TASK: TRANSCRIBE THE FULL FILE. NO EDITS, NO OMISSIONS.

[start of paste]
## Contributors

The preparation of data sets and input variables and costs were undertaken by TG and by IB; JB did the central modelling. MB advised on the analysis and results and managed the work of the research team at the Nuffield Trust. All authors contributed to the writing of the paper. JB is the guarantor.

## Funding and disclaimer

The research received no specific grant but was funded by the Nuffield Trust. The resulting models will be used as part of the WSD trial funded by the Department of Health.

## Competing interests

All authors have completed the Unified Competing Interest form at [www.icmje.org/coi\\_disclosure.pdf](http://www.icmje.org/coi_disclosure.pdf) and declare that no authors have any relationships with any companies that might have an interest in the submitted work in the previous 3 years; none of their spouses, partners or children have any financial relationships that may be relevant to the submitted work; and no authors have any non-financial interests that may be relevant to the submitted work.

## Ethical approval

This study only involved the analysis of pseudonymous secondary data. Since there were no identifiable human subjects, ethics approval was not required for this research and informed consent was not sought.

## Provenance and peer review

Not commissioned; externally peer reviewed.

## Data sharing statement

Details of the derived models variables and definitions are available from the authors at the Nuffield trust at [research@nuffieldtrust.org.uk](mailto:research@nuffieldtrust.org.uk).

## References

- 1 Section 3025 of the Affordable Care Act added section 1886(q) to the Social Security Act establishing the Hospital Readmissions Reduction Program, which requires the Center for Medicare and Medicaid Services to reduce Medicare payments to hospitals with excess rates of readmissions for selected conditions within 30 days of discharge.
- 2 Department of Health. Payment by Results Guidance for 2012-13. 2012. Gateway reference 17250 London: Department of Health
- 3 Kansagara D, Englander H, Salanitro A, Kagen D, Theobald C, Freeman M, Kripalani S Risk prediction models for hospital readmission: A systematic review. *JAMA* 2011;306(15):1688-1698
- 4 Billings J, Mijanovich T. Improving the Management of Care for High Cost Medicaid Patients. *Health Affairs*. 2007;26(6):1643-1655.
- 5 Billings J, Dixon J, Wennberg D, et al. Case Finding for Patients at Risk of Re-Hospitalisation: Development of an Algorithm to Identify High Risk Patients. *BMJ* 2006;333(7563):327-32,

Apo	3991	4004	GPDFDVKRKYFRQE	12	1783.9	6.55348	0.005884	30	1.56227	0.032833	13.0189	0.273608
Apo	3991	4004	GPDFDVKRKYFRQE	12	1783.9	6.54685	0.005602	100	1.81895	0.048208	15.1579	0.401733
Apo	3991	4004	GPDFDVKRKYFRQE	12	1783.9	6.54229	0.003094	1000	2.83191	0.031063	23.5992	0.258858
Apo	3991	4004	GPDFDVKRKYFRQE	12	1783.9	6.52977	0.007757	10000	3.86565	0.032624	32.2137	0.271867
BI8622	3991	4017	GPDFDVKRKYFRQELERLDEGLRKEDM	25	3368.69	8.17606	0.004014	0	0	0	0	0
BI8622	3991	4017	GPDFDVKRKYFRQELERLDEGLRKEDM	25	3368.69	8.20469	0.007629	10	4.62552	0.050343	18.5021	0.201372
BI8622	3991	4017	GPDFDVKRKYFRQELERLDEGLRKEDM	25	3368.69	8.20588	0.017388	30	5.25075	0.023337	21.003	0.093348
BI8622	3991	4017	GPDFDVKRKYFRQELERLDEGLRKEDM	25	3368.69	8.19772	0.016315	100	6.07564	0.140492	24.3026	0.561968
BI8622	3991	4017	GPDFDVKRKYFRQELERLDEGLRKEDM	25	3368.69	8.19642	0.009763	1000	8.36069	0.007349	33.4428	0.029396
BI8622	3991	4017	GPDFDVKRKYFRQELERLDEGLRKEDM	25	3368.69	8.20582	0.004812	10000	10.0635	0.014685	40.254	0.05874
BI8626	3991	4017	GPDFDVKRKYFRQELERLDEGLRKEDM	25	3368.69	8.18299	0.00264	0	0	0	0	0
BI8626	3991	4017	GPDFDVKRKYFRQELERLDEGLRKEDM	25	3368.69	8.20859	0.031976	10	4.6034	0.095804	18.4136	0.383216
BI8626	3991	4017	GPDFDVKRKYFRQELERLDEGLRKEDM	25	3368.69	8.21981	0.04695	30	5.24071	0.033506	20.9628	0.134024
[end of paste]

## Contributors

The preparation of data sets and input variables and costs were undertaken by TG and by IB; JB did the central modelling. MB advised on the analysis and results and managed the work of the research team at the Nuffield Trust. All authors contributed to the writing of the paper. JB is the guarantor.

## Funding and disclaimer

The research received no specific grant but was funded by the Nuffield Trust. The resulting models will be used as part of the WSD trial funded by the Department of Health.

## Competing interests

All authors have completed the Unified Competing Interest form at [www.icmje.org/coi\\_disclosure.pdf](http://www.icmje.org/coi_disclosure.pdf) and declare that no authors have any relationships with any companies that might have an interest in the submitted work in the previous 3 years; none of their spouses, partners or children have any financial relationships that may be relevant to the submitted work; and no authors have any non-financial interests that may be relevant to the submitted work.

## Ethical approval

This study only involved the analysis of pseudonymous secondary data. Since there were no identifiable human subjects, ethics approval was not required for this research and informed consent was not sought.

## Provenance and peer review

Not commissioned; externally peer reviewed.

## Data sharing statement

Details of the derived models variables and definitions are available from the authors at the Nuffield trust at [research@nuffieldtrust.org.uk](mailto:research@nuffieldtrust.org.uk).

## References

- 1 Section 3025 of the Affordable Care Act added section 1886(q) to the Social Security Act establishing the Hospital Readmissions Reduction Program, which requires the Center for Medicare and Medicaid Services to reduce Medicare payments to hospitals with excess rates of readmissions for selected conditions within 30 days of discharge.
- 2 Department of Health. Payment by Results Guidance for 2012-13. 2012. Gateway reference 17250 London: Department of Health
- 3 Kansagara D, Englander H, Salanitro A, Kagen D, Theobald C, Freeman M, Kripalani S Risk prediction models for hospital readmission: A systematic review. *JAMA* 2011;306(15):1688-1698
- 4 Billings J, Mijanovich T. Improving the Management of Care for High Cost Medicaid Patients. *Health Affairs*. 2007;26(6):1643-1655.
- 5 Billings J, Dixon J, Wennberg D, et al. Case Finding for Patients at Risk of Re-Hospitalisation: Development of an Algorithm to Identify High Risk Patients. *BMJ* 2006;333(7563):327-32,

Apo	3991	4004	GPDFDVKRKYFRQE	12	1783.9	6.55348	0.005884	30	1.56227	0.032833	13.0189	0.273608
Apo	3991	4004	GPDFDVKRKYFRQE	12	1783.9	6.54685	0.005602	100	1.81895	0.048208	15.1579	0.401733
Apo	3991	4004	GPDFDVKRKYFRQE	12	1783.9	6.54229	0.003094	1000	2.83191	0.031063	23.5992	0.258858
Apo	3991	4004	GPDFDVKRKYFRQE	12	1783.9	6.52977	0.007757	10000	3.86565	0.032624	32.2137	0.271867
BI8622	3991	4017	GPDFDVKRKYFRQELERLDEGLRKEDM	25	3368.69	8.17606	0.004014	0	0	0	0	0
BI8622	3991	4017	GPDFDVKRKYFRQELERLDEGLRKEDM	25	3368.69	8.20469	0.007629	10	4.62552	0.050343	18.5021	0.201372
BI8622	3991	4017	GPDFDVKRKYFRQELERLDEGLRKEDM	25	3368.69	8.20588	0.017388	30	5.25075	0.023337	21.003	0.093348
BI8622	3991	4017	GPDFDVKRKYFRQELERLDEGLRKEDM	25	3368.69	8.19772	0.016315	100	6.07564	0.140492	24.3026	0.561968
BI8622	3991	4017	GPDFDVKRKYFRQELERLDEGLRKEDM	25	3368.69	8.19642	0.009763	1000	8.36069	0.007349	33.4428	0.029396
BI8622	3991	4017	GPDFDVKRKYFRQELERLDEGLRKEDM	25	3368.69	8.20582	0.004812	10000	10.0635	0.014685	40.254	0.05874
BI8626	3991	4017	GPDFDVKRKYFRQELERLDEGLRKEDM	25	3368.69	8.18299	0.00264	0	0	0	0	0
BI8626	3991	4017	GPDFDVKRKYFRQELERLDEGLRKEDM	25	3368.69	8.20859	0.031976	10	4.6034	0.095804	18.4136	0.383216
BI8626	3991	4017	GPDFDVKRKYFRQELERLDEGLRKEDM	25	3368.69	8.21981	0.04695	30	5.24071	0.033506	20.9628	0.134024